More About Candy

Back-to-back stories on candy weren’t in my plans, but I found the idea too sweet to resist. Please forgive me for such an elementary pun. Sometimes, I can’t help myself. At other times I don’t try.

While writing last week’s column, a number of candy-related childhood memories came to mind. One I especially treasure was when our family visited in a home about a mile south of us.

Mr. Henry McWhorter and his wife, Miss Jewel, were a nice elderly couple, somewhat older than my parents. His brother and sister-in-law, Joe and Eunice, lived next door to them. All the McWhorters were friends of our family and had been since well before I was born. We saw them each Sunday at Harmony Baptist Church, and during the week at Joiner’s Store or passing along the road.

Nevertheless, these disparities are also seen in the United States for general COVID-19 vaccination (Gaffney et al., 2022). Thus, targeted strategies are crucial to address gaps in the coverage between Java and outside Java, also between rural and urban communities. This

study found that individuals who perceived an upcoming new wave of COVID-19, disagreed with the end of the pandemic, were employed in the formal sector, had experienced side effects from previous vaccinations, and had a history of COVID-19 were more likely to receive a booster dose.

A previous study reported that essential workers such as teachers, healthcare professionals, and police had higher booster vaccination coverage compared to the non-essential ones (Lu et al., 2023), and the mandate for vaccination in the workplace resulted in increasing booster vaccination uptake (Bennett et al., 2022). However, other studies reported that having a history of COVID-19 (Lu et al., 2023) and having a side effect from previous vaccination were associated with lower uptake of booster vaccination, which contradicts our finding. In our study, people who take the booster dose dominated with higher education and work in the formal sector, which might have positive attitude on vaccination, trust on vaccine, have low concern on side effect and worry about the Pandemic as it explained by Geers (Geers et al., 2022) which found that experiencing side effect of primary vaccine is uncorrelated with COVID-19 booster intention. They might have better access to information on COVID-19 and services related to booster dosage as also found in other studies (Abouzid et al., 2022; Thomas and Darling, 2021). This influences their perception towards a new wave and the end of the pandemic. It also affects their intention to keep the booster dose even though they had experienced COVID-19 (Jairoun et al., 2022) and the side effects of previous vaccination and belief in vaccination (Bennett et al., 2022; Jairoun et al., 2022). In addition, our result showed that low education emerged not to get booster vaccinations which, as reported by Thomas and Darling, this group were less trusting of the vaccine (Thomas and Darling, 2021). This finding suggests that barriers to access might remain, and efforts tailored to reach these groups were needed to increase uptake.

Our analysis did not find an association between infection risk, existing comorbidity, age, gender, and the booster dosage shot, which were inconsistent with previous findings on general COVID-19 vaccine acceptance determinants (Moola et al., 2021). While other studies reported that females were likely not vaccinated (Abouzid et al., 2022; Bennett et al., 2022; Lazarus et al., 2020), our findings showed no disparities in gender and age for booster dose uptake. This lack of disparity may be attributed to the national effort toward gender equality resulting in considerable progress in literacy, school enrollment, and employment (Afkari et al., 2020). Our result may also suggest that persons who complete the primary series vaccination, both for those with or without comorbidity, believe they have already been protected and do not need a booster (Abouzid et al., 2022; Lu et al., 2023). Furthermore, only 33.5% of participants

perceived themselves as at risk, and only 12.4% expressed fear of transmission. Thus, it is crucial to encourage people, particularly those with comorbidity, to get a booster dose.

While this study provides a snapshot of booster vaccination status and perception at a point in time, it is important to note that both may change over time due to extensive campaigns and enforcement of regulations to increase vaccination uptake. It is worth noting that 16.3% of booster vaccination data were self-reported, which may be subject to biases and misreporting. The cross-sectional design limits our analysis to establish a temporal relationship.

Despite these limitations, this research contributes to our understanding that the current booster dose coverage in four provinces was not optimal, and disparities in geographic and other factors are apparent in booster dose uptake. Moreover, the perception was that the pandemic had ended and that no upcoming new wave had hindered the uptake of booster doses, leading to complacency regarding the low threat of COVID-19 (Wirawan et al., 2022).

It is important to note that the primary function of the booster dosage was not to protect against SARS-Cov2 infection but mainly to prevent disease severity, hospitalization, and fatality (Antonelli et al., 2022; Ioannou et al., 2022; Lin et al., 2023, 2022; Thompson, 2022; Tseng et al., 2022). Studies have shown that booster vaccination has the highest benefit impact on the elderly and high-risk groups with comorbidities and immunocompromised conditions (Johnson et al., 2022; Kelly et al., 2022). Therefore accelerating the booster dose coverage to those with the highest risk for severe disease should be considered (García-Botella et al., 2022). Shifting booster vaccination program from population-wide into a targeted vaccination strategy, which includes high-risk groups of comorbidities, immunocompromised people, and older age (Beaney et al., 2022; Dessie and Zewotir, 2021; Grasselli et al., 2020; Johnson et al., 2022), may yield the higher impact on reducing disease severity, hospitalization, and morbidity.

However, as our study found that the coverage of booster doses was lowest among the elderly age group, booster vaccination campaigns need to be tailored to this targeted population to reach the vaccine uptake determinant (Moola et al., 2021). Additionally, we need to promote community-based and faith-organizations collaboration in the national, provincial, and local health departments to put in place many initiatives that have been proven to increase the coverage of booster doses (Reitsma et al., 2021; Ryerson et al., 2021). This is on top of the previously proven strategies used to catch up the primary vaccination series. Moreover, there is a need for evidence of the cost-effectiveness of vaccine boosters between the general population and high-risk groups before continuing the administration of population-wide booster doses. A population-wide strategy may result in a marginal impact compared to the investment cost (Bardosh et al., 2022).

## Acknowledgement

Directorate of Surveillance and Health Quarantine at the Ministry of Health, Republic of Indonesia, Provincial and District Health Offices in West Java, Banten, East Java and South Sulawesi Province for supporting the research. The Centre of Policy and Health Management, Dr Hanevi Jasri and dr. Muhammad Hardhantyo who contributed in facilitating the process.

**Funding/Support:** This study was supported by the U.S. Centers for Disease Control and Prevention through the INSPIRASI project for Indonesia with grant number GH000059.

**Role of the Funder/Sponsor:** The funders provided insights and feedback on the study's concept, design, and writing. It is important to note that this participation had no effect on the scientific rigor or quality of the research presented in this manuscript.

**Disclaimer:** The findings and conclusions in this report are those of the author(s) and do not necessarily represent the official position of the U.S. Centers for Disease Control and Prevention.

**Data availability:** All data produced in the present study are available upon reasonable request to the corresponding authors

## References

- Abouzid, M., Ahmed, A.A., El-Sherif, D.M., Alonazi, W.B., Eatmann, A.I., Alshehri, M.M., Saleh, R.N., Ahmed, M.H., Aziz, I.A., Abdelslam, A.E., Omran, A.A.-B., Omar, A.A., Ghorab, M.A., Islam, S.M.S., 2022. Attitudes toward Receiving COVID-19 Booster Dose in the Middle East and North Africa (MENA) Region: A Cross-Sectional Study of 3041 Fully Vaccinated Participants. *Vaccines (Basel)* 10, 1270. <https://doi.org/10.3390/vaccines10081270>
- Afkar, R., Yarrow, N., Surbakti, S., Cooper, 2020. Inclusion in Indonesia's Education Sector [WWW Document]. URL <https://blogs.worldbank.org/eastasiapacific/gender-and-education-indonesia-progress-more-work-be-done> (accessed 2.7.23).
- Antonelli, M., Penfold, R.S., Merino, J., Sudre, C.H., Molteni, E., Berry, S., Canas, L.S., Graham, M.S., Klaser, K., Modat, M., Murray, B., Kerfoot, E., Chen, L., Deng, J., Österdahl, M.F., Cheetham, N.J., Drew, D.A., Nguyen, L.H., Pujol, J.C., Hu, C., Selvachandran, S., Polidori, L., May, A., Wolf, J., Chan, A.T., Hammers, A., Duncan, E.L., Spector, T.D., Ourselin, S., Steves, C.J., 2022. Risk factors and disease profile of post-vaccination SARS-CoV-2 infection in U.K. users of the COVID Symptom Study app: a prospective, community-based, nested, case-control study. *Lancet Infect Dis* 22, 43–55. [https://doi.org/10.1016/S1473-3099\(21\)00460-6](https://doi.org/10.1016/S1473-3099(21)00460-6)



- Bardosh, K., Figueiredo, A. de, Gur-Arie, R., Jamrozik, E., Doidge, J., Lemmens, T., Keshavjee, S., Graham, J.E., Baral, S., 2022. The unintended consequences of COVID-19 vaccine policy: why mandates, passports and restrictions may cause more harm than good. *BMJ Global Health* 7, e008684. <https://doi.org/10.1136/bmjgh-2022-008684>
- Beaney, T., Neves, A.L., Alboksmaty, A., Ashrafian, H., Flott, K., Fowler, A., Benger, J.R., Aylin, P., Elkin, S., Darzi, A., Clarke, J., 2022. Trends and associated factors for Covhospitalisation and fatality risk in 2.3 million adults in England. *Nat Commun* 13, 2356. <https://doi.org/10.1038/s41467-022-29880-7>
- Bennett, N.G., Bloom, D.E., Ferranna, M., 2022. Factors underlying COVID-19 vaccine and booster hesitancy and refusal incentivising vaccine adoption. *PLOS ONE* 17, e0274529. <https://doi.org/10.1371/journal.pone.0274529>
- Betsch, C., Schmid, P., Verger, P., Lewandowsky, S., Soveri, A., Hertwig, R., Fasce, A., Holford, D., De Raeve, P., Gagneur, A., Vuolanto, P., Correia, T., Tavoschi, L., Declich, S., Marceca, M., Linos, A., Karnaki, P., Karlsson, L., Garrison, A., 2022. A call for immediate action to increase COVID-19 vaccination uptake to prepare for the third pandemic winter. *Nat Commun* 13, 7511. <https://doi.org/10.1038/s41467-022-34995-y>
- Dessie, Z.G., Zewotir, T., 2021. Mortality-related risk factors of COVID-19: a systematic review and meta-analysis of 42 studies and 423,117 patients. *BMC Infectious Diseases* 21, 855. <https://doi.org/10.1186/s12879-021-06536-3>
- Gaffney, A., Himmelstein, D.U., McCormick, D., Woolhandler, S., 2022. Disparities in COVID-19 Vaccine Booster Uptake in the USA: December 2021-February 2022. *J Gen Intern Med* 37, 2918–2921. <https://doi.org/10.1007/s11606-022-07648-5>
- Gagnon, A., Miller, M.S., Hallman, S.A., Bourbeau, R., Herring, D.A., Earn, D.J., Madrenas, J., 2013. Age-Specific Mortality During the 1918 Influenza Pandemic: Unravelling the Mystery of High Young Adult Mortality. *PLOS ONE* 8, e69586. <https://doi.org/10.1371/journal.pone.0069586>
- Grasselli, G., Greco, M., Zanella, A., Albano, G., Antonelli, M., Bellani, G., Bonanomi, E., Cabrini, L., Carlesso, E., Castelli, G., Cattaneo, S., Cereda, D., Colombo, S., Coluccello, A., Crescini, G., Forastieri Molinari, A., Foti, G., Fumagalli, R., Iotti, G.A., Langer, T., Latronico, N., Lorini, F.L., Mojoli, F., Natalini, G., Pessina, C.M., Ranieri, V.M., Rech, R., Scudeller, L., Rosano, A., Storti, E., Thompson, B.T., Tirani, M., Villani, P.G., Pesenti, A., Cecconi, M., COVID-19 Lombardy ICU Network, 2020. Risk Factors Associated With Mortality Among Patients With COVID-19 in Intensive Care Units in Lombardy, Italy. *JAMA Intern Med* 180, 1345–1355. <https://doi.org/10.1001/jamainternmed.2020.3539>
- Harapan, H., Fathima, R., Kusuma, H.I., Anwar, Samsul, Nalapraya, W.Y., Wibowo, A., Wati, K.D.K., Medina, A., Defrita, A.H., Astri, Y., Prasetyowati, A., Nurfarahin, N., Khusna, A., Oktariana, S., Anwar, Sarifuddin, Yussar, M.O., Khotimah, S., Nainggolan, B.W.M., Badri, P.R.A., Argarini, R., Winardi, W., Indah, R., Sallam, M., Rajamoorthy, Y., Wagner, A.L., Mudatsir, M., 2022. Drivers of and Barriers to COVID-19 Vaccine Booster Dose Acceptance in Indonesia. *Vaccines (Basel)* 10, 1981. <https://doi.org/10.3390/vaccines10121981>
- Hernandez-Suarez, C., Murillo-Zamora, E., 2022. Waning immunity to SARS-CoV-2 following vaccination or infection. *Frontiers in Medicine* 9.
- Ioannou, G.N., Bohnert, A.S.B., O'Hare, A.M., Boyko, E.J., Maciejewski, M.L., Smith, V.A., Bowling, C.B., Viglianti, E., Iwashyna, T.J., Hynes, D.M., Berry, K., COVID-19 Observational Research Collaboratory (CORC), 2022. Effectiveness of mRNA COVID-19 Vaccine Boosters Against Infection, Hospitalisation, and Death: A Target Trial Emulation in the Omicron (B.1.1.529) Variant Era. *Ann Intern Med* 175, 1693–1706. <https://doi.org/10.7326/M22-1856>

The McWhorter families lived in modest homes on their small family farm. The two brothers and their wives, who were sisters, were good-natured folks. Mr. Henry, who I saw most often, had a warm and ever-present smile. Perhaps it reflected his contentment with simple living, but I gave little thought to such things back then.  

Only once do I recall visiting with Mr. Henry and Miss Jewel in their home. Maybe we went there on other occasions, but one night stands out for two reasons – peanut brittle and Cremora.

My mother is a wonderful cook and has baked her share of pound cakes and lemon pies. Peanut brittle, however, has never been in her regular lineup. Miss Jewel McWhorter, on the other hand, made peanut brittle that was hard to keep a lid on.